Dearest Rachel –
After barely making the bus (it looks like I’m starting to fall into your habits, sweetheart), we listen to a little recent history from Yael as we travel to the Mount of Beatitudes, overlooking the Sea of Galilee; basically, that of the two-state proposal as drawn up in 1948 (and summarily rejected by the Palestinians, with war following shortly thereafter, which they lost – as well as the Six-Day War in 1967. But that’s not why we’re here). As with the Precipice mountain, it’s only a guess as to where the Sermon on the Mount was delivered, but it was somewhere around the northern coast of the Sea.
Which rather begs the question; why is it called a ‘sea,’ when it’s so clearly a lake? Junior references our host, Omer, who has hazarded a guess that the children of Israel were awed by the sheer size of the largest body of water they had (and would) most likely ever see. After all, Solomon simply installed a huge bronze bowl outside the Temple, and gave it that name; how much more so would this body of water merit such a name?
As we look out over the Sea (hey, when in Rome..), the Church of the Beatitudes behind us, Junior sets the stage, imagining the fact that people living hand-to-mouth in Jesus’ day would have considered a trip here (and the time necessary to take off in order to take such a trip) almost as much of a burden as we would have this trip here. But getting a chance to listen m to the greatest living rabbi of that day was considered a big deal, worthy of taking such pains to do.
Now, apparently we were meant to come here tomorrow, and have our church service here then, but sometimes things don’t work out that way, schedule-wise. Oh well, it’s Shabbat, we’re in Israel… why not simply hold church services today instead?
Pastor Scott isn’t going to be reading the entirety of Jesus’ sermon, of course, but will be touching on certain highlights of it, in recapping the message he recorded here earlier.
This is, as it happens, the beginning of the holiday season for us in the States, with all the attendant gift-giving that goes along with it all. Scott notes that of Jesus’ thirty-eight parables, sixteen of them focused on the topic of giving; not just in terms of money, but in time and talents (although indeed, the word ‘talent’ as we know it grew out of His parable, as a way to explain that good stewardship involves one’s skills just as much as it does one’s cash).
The point of his sermon is that we shouldn’t be storing up or holding onto our treasures here on earth, as we have no means of taking it with us when we’re out of time – as you well know. But while we can’t keep it, we can send it on ahead of us, by putting it to the good use of God’s service. Doing so can show where your heart is, because “where your treasure is, there your heart will be also.”
But that may lead to someone deciding not to give of their time, money or skill, because they might claim that ‘my heart’s not in it’. Doing it will put your heart to where it ought to be, and should be practiced regardless of how you might feel at a given moment.
The other side of the coin of this, after telling those who are blessed with much to give out of their abundance, is that Jesus also addressed those who were poor (which would have been the majority of His listeners, who often did not necessarily know where their next meal might come from) that they needn’t be anxious about what they had either. Put God and the kingdom first, and everything would follow from there.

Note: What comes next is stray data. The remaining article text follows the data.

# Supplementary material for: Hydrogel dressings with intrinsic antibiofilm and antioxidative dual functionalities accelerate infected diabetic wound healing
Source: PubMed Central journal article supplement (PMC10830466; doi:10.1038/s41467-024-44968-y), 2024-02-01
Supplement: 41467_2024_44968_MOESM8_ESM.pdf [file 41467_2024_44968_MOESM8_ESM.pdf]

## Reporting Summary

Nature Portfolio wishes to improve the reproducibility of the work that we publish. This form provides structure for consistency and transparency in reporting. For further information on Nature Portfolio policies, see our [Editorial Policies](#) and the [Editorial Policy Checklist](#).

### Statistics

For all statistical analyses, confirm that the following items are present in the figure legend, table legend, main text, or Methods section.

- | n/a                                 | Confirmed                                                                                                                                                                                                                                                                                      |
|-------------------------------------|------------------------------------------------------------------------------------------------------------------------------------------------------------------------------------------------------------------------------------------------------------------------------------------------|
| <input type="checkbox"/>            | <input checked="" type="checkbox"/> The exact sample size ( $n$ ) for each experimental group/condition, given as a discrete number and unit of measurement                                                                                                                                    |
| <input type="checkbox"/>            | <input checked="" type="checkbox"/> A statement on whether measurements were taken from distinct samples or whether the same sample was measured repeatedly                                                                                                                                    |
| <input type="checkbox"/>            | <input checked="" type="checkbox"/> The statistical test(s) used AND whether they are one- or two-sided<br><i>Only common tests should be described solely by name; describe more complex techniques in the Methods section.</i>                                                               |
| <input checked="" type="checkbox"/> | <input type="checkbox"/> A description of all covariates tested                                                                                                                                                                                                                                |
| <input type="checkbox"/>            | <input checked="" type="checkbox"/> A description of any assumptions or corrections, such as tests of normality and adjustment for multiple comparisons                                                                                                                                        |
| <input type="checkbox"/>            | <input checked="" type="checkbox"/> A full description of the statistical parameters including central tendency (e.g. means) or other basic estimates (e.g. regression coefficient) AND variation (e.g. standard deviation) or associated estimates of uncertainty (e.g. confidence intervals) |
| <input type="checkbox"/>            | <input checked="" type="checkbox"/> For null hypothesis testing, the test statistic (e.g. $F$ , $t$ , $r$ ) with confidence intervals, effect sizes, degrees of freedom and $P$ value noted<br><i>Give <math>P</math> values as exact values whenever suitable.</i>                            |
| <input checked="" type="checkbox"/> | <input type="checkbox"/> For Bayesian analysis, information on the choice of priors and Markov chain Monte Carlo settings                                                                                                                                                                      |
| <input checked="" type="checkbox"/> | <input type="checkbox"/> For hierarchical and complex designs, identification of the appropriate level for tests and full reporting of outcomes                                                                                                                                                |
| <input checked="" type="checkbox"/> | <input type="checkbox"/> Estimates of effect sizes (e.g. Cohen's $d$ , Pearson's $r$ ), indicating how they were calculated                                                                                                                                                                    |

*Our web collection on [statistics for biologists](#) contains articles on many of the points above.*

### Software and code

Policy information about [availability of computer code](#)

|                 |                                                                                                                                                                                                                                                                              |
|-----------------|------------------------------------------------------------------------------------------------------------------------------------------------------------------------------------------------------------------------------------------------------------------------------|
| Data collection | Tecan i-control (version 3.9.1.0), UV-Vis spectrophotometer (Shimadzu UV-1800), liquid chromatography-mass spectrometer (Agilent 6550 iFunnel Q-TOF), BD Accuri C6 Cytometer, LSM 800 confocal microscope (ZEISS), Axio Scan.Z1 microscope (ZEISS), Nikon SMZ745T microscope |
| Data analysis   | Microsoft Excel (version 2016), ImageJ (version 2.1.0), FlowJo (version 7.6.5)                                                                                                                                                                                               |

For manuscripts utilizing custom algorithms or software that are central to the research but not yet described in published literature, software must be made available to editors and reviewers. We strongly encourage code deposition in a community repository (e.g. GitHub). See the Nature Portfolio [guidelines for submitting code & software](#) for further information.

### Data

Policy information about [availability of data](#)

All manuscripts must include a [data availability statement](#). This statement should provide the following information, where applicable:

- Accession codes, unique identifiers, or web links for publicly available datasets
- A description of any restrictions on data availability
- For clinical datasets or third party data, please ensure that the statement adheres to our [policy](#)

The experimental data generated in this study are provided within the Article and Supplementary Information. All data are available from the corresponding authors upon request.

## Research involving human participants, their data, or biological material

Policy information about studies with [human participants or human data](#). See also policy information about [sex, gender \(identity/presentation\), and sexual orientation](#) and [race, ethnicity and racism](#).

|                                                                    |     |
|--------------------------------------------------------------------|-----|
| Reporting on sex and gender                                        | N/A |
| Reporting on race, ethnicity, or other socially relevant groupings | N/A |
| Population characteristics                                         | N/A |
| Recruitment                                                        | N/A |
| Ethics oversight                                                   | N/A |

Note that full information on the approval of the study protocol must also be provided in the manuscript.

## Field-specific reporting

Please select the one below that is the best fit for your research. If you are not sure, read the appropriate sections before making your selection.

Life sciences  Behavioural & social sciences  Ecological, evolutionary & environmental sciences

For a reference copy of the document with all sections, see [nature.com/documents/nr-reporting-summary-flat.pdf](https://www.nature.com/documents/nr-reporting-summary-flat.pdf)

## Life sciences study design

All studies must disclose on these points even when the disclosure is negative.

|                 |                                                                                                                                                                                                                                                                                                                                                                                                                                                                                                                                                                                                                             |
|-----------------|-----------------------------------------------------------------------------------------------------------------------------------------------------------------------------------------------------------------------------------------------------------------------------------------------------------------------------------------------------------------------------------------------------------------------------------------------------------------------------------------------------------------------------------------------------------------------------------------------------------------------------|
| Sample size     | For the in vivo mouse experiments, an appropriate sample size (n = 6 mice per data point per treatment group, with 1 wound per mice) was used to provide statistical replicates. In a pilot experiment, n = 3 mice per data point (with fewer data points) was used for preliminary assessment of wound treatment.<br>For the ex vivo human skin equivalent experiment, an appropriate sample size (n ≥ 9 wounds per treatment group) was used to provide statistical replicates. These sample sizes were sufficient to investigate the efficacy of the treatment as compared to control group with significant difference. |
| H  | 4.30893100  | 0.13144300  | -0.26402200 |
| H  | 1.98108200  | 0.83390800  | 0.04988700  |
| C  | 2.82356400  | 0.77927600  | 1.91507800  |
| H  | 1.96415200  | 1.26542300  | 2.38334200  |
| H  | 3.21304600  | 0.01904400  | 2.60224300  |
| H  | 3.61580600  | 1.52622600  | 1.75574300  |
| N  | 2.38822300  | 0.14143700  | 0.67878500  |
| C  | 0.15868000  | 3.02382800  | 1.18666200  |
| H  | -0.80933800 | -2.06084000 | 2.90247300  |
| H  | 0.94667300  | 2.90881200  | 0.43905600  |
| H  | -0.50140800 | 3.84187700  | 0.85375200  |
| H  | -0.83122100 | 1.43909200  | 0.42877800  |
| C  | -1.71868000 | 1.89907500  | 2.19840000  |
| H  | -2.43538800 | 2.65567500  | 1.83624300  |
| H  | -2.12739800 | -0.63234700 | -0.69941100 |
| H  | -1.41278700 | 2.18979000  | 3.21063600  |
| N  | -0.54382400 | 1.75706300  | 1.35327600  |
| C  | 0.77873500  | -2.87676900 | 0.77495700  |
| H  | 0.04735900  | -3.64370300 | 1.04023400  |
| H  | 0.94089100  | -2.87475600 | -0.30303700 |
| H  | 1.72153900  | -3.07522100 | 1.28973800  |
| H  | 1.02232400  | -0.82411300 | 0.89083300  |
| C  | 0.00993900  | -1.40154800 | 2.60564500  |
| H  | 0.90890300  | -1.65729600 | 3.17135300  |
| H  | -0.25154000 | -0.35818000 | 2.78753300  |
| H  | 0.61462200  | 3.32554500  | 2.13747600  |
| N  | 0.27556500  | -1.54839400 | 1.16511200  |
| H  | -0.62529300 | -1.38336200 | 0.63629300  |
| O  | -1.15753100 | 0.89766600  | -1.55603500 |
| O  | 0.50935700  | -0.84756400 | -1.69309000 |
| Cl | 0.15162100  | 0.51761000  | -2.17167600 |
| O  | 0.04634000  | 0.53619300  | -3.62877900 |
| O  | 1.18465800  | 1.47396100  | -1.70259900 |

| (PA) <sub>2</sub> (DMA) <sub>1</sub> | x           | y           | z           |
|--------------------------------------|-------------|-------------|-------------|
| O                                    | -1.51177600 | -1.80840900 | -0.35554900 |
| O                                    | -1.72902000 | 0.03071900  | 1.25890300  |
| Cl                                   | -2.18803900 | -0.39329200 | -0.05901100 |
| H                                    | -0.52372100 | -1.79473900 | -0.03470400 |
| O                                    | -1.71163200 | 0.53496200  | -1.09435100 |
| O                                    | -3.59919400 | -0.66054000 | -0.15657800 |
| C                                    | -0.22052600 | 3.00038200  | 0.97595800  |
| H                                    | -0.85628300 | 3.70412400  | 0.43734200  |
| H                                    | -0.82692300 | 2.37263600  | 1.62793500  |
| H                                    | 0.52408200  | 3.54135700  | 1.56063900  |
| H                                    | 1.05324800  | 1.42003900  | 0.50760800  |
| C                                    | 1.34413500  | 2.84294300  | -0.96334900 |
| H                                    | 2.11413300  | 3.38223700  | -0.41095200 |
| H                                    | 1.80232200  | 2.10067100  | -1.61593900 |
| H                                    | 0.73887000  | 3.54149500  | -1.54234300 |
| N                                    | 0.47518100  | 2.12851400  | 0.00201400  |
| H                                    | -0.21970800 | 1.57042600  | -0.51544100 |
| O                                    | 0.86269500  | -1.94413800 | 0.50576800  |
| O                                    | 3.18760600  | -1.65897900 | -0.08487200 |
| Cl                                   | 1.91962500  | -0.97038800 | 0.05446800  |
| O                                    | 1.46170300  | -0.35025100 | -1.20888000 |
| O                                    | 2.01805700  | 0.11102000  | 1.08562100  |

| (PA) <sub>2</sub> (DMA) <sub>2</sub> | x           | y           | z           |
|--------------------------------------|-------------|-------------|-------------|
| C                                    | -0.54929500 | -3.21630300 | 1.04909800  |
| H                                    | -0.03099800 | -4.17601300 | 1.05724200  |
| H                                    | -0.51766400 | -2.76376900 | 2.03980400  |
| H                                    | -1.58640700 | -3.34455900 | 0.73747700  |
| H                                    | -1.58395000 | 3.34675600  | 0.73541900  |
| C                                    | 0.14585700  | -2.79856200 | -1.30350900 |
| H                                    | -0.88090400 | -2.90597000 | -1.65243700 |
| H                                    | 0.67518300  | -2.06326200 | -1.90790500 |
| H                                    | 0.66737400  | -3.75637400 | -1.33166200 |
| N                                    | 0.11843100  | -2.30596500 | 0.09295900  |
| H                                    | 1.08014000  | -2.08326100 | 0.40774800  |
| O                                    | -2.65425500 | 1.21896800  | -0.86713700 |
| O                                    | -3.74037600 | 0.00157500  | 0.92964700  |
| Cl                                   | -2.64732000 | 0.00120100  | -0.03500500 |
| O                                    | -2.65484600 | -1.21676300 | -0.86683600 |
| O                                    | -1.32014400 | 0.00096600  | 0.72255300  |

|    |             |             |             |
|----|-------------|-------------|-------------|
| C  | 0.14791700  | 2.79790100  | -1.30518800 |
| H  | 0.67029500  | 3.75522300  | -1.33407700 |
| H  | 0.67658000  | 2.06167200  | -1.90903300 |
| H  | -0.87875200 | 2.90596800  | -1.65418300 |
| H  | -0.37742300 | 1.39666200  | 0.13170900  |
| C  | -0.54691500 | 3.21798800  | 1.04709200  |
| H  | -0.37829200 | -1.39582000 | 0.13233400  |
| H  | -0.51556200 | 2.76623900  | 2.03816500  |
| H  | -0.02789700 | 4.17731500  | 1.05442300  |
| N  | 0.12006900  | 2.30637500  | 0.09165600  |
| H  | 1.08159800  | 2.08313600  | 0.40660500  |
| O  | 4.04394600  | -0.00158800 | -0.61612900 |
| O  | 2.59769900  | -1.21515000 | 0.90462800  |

In summarizing this section of the Sermon on the Mount, Scott offers these conclusions about generosity and giving:
- It is an expression of gratitude, for what He has given us in terms of both material, physical, mental and spiritual wealth
- It is an expression of trust in God (as opposed to constantly asking “What shall we eat? Where shall we go? What shall we wear?”). This theme is echoed further on in the New Testament, with examples in Hebrews (“without faith, it is impossible to trust God”) and Philippians (“God shall supply all your needs”)
- It is also how we gain treasure in heaven – which makes it seem like an investment rather than a gift, but without a bank statement to itemize it, it’s still also involves a measure of faith.
Scott finishes by reminding us just how rich we are, not just in comparison to most of the rest of the world, but even the majority of history – imagine what the Rothschilds would have made of an iPhone (and the internet to really make it work so well)!
Daniel and I are a little confused when we return to the bus; we made the mistake of taking everything with us, so we’ve no way to identify our seats from one stop to the next. Moreover, the seats around where we think our seats are are equally barren, so it could be any one of these. As we settle in, and attempt to plug our phones in, we realize the plug is broken; Daniel isn’t getting a charge, and the plug I’m trying to use isn’t even holding my cord. We decide to switch to another equally empty pair of seats.
Considering the confusion of everyone else getting on board, I’m pretty sure the seat with the broken plug was our actual original seat. Such are the problems of not leaving an indicator of which one belongs to whom. I think that, at the next stop, we ought to leave our cords behind, in order to establish our place going forward. It’s not like we’re likely to find a place to charge up at a given site or another.
As the bus pulls out, I can sense the overwhelming scent of oranges; either we’re passing through a grove, or someone snuck one out from the hotel, and is digging into it here on the bus. Daniel insists that it’s the latter; “There’s no way [that group of trees to our left] could make such a succulent smell like we’re smelling in here.” He’s probably right, but you never know; it fades as we move on.
And so we head out to our next adventure. Keep an eye on us, honey, and I’ll catch you up later.